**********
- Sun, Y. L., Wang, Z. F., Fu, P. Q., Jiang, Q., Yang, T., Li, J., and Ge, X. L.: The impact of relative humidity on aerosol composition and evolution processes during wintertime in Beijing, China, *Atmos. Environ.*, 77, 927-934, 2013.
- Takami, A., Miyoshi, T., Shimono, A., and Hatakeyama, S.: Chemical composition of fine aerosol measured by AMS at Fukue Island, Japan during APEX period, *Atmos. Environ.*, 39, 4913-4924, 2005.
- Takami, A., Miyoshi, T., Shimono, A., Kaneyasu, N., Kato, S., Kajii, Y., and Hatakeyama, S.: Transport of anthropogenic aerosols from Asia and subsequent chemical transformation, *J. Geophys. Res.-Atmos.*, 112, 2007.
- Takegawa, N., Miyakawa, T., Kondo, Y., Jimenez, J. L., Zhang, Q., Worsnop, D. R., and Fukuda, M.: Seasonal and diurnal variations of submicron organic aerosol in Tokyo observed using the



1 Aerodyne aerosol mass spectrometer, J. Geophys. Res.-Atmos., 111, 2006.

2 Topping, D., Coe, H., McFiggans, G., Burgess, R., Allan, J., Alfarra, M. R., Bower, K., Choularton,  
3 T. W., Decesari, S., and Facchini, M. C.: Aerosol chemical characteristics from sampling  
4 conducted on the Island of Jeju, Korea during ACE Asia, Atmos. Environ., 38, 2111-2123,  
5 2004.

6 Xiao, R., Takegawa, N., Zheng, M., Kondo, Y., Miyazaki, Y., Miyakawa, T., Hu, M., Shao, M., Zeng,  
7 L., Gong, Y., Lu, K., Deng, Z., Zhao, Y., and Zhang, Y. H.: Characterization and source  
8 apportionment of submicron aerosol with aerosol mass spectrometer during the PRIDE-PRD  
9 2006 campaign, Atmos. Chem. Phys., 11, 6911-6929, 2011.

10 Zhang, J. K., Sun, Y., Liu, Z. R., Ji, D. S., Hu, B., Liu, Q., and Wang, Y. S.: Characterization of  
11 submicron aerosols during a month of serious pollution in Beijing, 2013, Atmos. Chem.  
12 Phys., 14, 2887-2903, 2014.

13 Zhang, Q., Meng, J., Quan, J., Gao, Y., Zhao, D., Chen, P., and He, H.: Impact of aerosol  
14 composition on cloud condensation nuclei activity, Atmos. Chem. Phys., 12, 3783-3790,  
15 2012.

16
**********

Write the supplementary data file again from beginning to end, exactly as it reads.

- Sun, Y. L., Wang, Z. F., Fu, P. Q., Jiang, Q., Yang, T., Li, J., and Ge, X. L.: The impact of relative humidity on aerosol composition and evolution processes during wintertime in Beijing, China, *Atmos. Environ.*, 77, 927-934, 2013.
- Takami, A., Miyoshi, T., Shimono, A., and Hatakeyama, S.: Chemical composition of fine aerosol measured by AMS at Fukue Island, Japan during APEX period, *Atmos. Environ.*, 39, 4913-4924, 2005.
- Takami, A., Miyoshi, T., Shimono, A., Kaneyasu, N., Kato, S., Kajii, Y., and Hatakeyama, S.: Transport of anthropogenic aerosols from Asia and subsequent chemical transformation, *J. Geophys. Res.-Atmos.*, 112, 2007.
- Takegawa, N., Miyakawa, T., Kondo, Y., Jimenez, J. L., Zhang, Q., Worsnop, D. R., and Fukuda, M.: Seasonal and diurnal variations of submicron organic aerosol in Tokyo observed using the



1 Aerodyne aerosol mass spectrometer, J. Geophys. Res.-Atmos., 111, 2006.

2 Topping, D., Coe, H., McFiggans, G., Burgess, R., Allan, J., Alfarra, M. R., Bower, K., Choularton,  
3 T. W., Decesari, S., and Facchini, M. C.: Aerosol chemical characteristics from sampling  
4 conducted on the Island of Jeju, Korea during ACE Asia, Atmos. Environ., 38, 2111-2123,  
5 2004.

6 Xiao, R., Takegawa, N., Zheng, M., Kondo, Y., Miyazaki, Y., Miyakawa, T., Hu, M., Shao, M., Zeng,  
7 L., Gong, Y., Lu, K., Deng, Z., Zhao, Y., and Zhang, Y. H.: Characterization and source  
8 apportionment of submicron aerosol with aerosol mass spectrometer during the PRIDE-PRD  
9 2006 campaign, Atmos. Chem. Phys., 11, 6911-6929, 2011.

10 Zhang, J. K., Sun, Y., Liu, Z. R., Ji, D. S., Hu, B., Liu, Q., and Wang, Y. S.: Characterization of  
11 submicron aerosols during a month of serious pollution in Beijing, 2013, Atmos. Chem.  
12 Phys., 14, 2887-2903, 2014.

13 Zhang, Q., Meng, J., Quan, J., Gao, Y., Zhao, D., Chen, P., and He, H.: Impact of aerosol  
14 composition on cloud condensation nuclei activity, Atmos. Chem. Phys., 12, 3783-3790,  
15 2012.

16